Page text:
Taking Good Photos

When you create an installation, performance, or other live ephemeral work, it is very useful to take high-quality photos to document the event. The following suggestions can help you take better photos of your work.

  • Whether you are using a DSLR camera, a point-and-shoot camera, or your phone, be sure to set it to its highest size and quality settings. These settings will result in the largest possible image, which gives you more flexibility in the editing process. As we’ll discuss in the next section on resolution and raster/vector files, you can always make a digital photo smaller, but you can’t make it bigger than the size at which it was originally shot.
  • If you have control over the lighting as you document the work, remember that indirect light is good and natural indirect light is even better. A room with windows can offer indirect sunlight, even on an overcast day. Avoid sunlight striking your work directly, as this can cause glare (unless that is a conceptual part of the work). If you are working outdoors on a sunny day, you can hold up a piece of diffusion between your subject and the sun to help disperse the direct light. Sheets of plastic fluorescent light diffusion used in drop ceilings can work well for this purpose, and are inexpensively available at hardware or home improvement stores.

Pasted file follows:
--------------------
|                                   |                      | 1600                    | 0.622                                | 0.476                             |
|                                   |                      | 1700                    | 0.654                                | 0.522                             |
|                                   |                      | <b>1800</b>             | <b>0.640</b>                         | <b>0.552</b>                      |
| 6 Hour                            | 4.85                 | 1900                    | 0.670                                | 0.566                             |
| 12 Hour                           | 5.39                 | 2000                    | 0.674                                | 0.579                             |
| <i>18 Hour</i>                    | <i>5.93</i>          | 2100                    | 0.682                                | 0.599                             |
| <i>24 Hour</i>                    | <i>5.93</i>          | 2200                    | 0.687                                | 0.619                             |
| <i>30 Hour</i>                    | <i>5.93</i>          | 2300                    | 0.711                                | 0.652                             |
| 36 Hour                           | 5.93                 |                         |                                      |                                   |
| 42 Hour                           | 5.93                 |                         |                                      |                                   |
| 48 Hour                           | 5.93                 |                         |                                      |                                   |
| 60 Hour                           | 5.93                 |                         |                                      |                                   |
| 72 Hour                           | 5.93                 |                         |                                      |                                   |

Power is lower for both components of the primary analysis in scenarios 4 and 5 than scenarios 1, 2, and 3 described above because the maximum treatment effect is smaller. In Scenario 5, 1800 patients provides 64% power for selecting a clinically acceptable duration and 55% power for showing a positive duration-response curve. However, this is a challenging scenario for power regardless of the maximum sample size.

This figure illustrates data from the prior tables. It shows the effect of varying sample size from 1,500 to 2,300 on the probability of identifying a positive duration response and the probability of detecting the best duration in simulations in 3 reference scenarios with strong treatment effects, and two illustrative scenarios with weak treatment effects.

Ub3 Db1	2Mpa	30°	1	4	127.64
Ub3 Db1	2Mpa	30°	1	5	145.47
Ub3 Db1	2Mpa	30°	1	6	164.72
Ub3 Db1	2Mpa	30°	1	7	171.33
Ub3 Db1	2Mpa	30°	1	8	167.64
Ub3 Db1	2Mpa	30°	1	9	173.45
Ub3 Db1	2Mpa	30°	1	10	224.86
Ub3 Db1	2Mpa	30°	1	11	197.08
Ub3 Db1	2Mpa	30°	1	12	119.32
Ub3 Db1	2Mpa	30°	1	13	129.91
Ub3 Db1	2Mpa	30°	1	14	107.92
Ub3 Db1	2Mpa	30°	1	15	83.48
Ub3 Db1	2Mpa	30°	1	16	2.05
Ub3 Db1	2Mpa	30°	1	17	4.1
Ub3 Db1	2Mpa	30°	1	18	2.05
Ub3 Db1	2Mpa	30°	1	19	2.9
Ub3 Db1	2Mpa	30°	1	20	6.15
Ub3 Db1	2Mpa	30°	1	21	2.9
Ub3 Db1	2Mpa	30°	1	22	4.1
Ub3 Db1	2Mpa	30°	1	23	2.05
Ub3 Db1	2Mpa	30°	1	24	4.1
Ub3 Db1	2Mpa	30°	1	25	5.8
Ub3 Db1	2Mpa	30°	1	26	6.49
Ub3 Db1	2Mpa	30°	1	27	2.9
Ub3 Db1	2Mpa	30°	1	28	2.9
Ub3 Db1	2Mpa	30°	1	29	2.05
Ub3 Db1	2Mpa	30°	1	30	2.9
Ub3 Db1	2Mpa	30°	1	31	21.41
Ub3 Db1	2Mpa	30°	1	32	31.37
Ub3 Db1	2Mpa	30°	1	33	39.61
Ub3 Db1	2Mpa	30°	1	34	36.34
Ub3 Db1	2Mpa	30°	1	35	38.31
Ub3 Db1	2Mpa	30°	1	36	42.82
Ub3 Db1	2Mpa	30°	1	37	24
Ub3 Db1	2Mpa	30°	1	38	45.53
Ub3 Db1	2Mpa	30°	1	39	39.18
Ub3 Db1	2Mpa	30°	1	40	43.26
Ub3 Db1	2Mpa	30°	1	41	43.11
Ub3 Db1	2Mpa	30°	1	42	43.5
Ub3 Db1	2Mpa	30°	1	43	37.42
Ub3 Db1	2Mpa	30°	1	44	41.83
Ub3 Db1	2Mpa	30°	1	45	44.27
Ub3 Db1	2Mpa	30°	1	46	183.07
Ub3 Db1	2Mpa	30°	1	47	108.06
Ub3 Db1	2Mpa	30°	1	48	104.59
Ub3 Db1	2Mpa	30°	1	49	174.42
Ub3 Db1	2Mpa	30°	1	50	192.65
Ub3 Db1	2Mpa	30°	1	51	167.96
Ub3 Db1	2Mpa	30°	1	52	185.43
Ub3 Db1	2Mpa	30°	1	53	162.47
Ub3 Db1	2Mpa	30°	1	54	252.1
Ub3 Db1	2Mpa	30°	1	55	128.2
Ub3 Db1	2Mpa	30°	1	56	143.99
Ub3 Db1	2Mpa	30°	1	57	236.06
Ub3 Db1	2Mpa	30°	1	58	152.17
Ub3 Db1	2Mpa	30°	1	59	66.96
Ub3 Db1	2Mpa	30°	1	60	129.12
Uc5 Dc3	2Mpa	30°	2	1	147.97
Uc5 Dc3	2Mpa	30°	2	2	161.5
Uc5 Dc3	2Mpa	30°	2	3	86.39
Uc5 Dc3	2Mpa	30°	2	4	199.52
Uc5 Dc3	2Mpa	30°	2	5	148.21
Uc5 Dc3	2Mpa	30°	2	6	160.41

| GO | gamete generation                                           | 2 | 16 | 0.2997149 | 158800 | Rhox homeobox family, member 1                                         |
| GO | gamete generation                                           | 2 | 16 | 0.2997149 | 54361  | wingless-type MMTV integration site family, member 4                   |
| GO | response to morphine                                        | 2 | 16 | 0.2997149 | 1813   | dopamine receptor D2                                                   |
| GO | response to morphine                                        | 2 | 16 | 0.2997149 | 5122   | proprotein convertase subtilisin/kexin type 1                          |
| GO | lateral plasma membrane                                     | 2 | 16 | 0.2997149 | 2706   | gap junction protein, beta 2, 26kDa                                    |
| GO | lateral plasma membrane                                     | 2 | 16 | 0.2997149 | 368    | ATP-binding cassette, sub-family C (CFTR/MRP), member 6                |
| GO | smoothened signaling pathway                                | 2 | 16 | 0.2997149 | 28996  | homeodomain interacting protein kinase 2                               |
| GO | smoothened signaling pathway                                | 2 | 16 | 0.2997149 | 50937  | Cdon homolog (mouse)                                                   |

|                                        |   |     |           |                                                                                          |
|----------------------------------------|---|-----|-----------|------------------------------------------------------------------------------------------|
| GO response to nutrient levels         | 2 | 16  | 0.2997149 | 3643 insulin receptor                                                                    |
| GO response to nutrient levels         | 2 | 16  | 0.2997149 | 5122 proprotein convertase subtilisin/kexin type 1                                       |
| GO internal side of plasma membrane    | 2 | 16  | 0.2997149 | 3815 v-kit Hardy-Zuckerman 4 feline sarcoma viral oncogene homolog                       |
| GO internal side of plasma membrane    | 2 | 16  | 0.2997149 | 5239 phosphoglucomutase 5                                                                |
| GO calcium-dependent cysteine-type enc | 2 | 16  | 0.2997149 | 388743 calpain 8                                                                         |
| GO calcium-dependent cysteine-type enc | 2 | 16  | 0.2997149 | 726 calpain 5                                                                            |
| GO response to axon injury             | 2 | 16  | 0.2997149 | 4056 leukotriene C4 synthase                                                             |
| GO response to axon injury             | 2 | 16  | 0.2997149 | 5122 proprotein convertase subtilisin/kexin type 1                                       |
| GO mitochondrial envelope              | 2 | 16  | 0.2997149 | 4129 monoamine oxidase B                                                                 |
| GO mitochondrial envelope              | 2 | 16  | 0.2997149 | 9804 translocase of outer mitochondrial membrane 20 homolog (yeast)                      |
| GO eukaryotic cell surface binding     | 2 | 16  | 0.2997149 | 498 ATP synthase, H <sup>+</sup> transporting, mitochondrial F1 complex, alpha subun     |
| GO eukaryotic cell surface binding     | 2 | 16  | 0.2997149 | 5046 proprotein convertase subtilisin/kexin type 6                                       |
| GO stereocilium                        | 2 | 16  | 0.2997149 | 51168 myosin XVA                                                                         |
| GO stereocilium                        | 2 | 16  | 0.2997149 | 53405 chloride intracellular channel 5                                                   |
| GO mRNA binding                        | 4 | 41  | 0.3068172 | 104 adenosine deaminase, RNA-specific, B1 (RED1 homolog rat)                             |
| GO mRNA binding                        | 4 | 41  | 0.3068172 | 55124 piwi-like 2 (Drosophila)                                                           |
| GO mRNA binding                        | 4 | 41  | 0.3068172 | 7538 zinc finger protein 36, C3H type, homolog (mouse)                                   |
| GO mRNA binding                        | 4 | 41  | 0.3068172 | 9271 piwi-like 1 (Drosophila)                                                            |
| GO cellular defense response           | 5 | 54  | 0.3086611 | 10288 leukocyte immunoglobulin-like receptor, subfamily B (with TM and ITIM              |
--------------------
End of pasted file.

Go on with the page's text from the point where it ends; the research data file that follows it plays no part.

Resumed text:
• If you are working with artificial light, try to use two or more light sources — preferably of similar wattage strengths. Three-point lighting works very well.
    Three point lighting
  • If you find you need lights, hardware or home improvement stores often sell clip lights or construction site work-lights for less than those at a photography store.
  • Make sure to use a tripod to hold your camera as still as possible. This will result in the sharper photos than holding your camera yourself. If you do not have a tripod, you can try to minimize movement by using both hands to hold the camera, drawing both elbows in to your midpoint until they’re close to touching one another, and then firmly hold your forearms as close to your torso as possible. Hold your breath just before and while hitting the shutter.
  • If you are just starting to practice documentary photography, take many photos of your work using different settings to get the best possible results. You will learn what works well in different scenarios with practice.
  • Turn off your flash. Unless you know how to “bounce” the flash from your camera to a middle surface and then to your object, turn this function off. The flash will decrease contrast in the photo by eliminating shadows. In this way, flashes can dramatically alter the appearance of a work, and unless that is the intention of the artist or designer, the flash should be avoided.